To find out more go to

Collections for refugees

While many of us watch our TV screens in horror at the plight of displaced people of Syria and other tortured parts of the world, a group of people in Ash and Ash Vale are taking action.

Initiatives to help refugees have been happening in the villages since 2015 when there was a collection at the chapel at Ash Wharf.

Collections of food, toiletries, blankets, sleeping bags, clothes, torches children’s shoe boxes with toys have been made periodically. The donations are sorted and then taken to whatever organisation is able to use them. All this is thanks to the people at St Peter’s and St Mary’s churches.

And finally St Peter’s Church itself

St Peter’s Church, Ash.

This magnificent local landmark is perhaps taken for granted. The original church, probably wooden in construction, is recorded in the Domesday Book and the Anglo-Saxon owner is said to have gifted his lands, including the church, to the Abbot of Chertsey in return for prayers for his soul.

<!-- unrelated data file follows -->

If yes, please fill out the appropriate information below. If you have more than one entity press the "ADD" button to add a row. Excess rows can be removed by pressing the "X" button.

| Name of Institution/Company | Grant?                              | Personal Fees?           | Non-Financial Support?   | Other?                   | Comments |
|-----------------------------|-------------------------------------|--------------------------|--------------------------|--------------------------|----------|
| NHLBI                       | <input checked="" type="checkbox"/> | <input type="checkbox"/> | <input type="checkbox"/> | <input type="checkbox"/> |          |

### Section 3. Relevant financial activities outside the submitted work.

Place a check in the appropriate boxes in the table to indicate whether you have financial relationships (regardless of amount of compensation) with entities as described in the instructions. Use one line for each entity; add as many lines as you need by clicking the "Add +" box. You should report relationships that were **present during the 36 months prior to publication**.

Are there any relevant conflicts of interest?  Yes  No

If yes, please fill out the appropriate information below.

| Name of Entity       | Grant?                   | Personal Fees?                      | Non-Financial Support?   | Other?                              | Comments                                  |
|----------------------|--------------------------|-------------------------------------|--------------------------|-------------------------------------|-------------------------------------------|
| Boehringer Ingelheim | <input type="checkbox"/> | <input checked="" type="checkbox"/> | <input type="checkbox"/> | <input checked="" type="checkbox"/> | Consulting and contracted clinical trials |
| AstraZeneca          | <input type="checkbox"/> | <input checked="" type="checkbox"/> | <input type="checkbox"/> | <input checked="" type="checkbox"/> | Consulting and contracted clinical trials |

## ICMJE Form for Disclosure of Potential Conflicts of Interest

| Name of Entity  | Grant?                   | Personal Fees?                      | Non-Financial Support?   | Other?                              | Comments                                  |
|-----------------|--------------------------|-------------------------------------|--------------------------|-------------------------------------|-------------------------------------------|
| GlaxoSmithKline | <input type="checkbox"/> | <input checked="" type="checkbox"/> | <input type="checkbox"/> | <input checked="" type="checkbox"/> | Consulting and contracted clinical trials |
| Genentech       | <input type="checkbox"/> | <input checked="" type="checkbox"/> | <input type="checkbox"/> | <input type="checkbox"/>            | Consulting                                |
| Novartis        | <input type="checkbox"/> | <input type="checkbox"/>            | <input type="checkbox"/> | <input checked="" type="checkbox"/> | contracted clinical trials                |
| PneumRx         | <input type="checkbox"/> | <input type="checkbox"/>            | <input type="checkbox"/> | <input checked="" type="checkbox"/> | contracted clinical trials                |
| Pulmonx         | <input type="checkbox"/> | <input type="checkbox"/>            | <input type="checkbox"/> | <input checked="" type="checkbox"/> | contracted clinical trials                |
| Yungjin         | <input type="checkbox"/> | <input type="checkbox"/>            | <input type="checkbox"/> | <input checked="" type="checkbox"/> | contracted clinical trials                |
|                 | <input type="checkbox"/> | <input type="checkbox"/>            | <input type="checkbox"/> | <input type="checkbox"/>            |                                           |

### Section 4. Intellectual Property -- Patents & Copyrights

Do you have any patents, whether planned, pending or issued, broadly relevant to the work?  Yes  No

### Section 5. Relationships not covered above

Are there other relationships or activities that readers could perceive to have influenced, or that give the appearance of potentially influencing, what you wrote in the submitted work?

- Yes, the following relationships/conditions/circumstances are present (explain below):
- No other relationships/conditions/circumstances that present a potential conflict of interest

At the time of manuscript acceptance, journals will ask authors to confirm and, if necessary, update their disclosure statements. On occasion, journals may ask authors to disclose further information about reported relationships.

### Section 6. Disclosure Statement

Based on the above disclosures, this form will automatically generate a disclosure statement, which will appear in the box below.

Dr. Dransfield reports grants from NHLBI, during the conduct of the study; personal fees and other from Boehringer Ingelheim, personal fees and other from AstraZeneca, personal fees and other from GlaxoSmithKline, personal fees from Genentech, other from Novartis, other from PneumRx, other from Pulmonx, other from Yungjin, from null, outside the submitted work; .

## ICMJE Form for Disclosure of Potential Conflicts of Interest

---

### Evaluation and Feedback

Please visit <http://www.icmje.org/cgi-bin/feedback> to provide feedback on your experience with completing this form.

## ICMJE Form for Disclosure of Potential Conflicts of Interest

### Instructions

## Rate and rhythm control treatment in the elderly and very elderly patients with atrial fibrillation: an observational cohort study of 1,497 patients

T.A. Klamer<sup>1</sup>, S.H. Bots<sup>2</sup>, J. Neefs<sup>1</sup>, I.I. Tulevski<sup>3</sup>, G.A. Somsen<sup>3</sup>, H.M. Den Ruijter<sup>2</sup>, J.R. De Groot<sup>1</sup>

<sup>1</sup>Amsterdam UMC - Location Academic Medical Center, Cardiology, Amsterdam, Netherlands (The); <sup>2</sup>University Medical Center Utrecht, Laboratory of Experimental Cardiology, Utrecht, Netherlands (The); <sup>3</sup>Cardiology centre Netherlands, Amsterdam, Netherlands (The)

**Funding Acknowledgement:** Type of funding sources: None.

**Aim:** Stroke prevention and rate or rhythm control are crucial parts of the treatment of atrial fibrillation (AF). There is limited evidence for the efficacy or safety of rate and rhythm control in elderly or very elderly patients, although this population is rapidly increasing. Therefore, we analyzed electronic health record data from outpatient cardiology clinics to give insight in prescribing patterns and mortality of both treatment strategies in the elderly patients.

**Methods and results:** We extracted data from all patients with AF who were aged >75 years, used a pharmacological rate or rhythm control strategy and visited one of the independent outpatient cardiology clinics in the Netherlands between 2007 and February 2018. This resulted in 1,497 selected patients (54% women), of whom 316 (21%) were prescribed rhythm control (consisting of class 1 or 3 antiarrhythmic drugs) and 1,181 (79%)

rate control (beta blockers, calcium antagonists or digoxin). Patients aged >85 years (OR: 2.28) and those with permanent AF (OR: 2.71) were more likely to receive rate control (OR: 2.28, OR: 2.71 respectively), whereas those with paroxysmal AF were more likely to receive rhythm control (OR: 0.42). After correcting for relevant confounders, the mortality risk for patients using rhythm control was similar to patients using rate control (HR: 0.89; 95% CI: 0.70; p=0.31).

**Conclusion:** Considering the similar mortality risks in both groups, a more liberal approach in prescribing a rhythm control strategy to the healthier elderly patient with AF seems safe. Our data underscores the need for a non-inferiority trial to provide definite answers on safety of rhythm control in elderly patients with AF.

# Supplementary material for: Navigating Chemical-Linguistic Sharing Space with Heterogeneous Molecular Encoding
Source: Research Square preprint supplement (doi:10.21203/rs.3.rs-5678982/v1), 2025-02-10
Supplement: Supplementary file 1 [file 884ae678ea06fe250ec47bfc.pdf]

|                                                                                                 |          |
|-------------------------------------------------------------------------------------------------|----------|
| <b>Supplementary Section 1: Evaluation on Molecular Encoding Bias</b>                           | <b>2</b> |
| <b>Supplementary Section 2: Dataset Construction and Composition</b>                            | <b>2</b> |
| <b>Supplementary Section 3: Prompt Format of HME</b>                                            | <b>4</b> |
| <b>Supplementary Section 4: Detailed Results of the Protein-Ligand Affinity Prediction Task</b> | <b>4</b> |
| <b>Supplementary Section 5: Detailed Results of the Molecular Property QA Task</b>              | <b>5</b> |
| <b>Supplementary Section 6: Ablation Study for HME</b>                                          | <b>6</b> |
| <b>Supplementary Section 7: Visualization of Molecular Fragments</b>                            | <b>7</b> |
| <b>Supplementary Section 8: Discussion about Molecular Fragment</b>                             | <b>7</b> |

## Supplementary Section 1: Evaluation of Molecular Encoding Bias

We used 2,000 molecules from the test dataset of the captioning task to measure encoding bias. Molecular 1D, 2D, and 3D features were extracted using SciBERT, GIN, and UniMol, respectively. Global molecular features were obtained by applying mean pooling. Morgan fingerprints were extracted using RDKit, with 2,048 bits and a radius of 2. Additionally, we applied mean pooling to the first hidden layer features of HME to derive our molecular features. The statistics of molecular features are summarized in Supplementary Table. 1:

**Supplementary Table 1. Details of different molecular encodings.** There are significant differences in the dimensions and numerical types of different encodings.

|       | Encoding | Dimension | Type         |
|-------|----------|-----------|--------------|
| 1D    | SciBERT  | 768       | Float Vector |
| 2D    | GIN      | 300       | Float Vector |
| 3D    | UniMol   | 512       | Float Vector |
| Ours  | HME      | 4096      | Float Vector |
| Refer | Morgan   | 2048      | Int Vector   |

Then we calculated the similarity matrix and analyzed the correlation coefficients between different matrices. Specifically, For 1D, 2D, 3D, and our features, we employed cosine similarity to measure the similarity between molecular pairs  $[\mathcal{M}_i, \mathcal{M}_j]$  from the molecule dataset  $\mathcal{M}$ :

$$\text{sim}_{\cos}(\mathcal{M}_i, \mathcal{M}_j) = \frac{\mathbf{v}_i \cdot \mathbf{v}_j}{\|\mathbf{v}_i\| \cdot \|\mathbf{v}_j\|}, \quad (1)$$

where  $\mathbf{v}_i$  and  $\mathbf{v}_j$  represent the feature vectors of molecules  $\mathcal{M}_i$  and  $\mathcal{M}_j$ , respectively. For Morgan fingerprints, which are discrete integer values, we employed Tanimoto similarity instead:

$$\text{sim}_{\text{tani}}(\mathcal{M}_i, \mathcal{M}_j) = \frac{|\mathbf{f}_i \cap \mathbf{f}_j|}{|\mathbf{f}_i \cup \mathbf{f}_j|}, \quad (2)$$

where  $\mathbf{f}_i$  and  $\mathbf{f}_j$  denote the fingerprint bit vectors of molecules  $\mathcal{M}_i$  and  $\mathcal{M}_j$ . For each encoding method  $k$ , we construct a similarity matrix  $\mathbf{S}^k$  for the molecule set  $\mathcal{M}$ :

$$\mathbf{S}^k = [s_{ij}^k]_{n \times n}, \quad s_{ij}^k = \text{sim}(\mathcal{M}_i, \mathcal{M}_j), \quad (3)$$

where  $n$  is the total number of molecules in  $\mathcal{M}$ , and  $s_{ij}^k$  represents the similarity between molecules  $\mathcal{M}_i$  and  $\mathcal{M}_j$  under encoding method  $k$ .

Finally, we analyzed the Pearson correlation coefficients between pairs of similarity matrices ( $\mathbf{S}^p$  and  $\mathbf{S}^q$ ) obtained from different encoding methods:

During the reign of Henry VIII, St Peter’s was confiscated by the Crown along with other church properties. But during the reign of his son, Edward VI, there was a land swap deal and the Ash parish became the property of Winchester College. The college is still the church’s patron to this day, even though it is part of the Guildford Diocese.

St Peter’s is a socially active part of the Ash community, having a Mothers’ Union, a craft group and a dance club. And the summer fete is always an event to look forward to. This year’s will take place on Saturday, June 10.

Have I missed anyone or anything?

Feel free to email me at

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Responses to The Ash Aspect: Five Things To Celebrate Here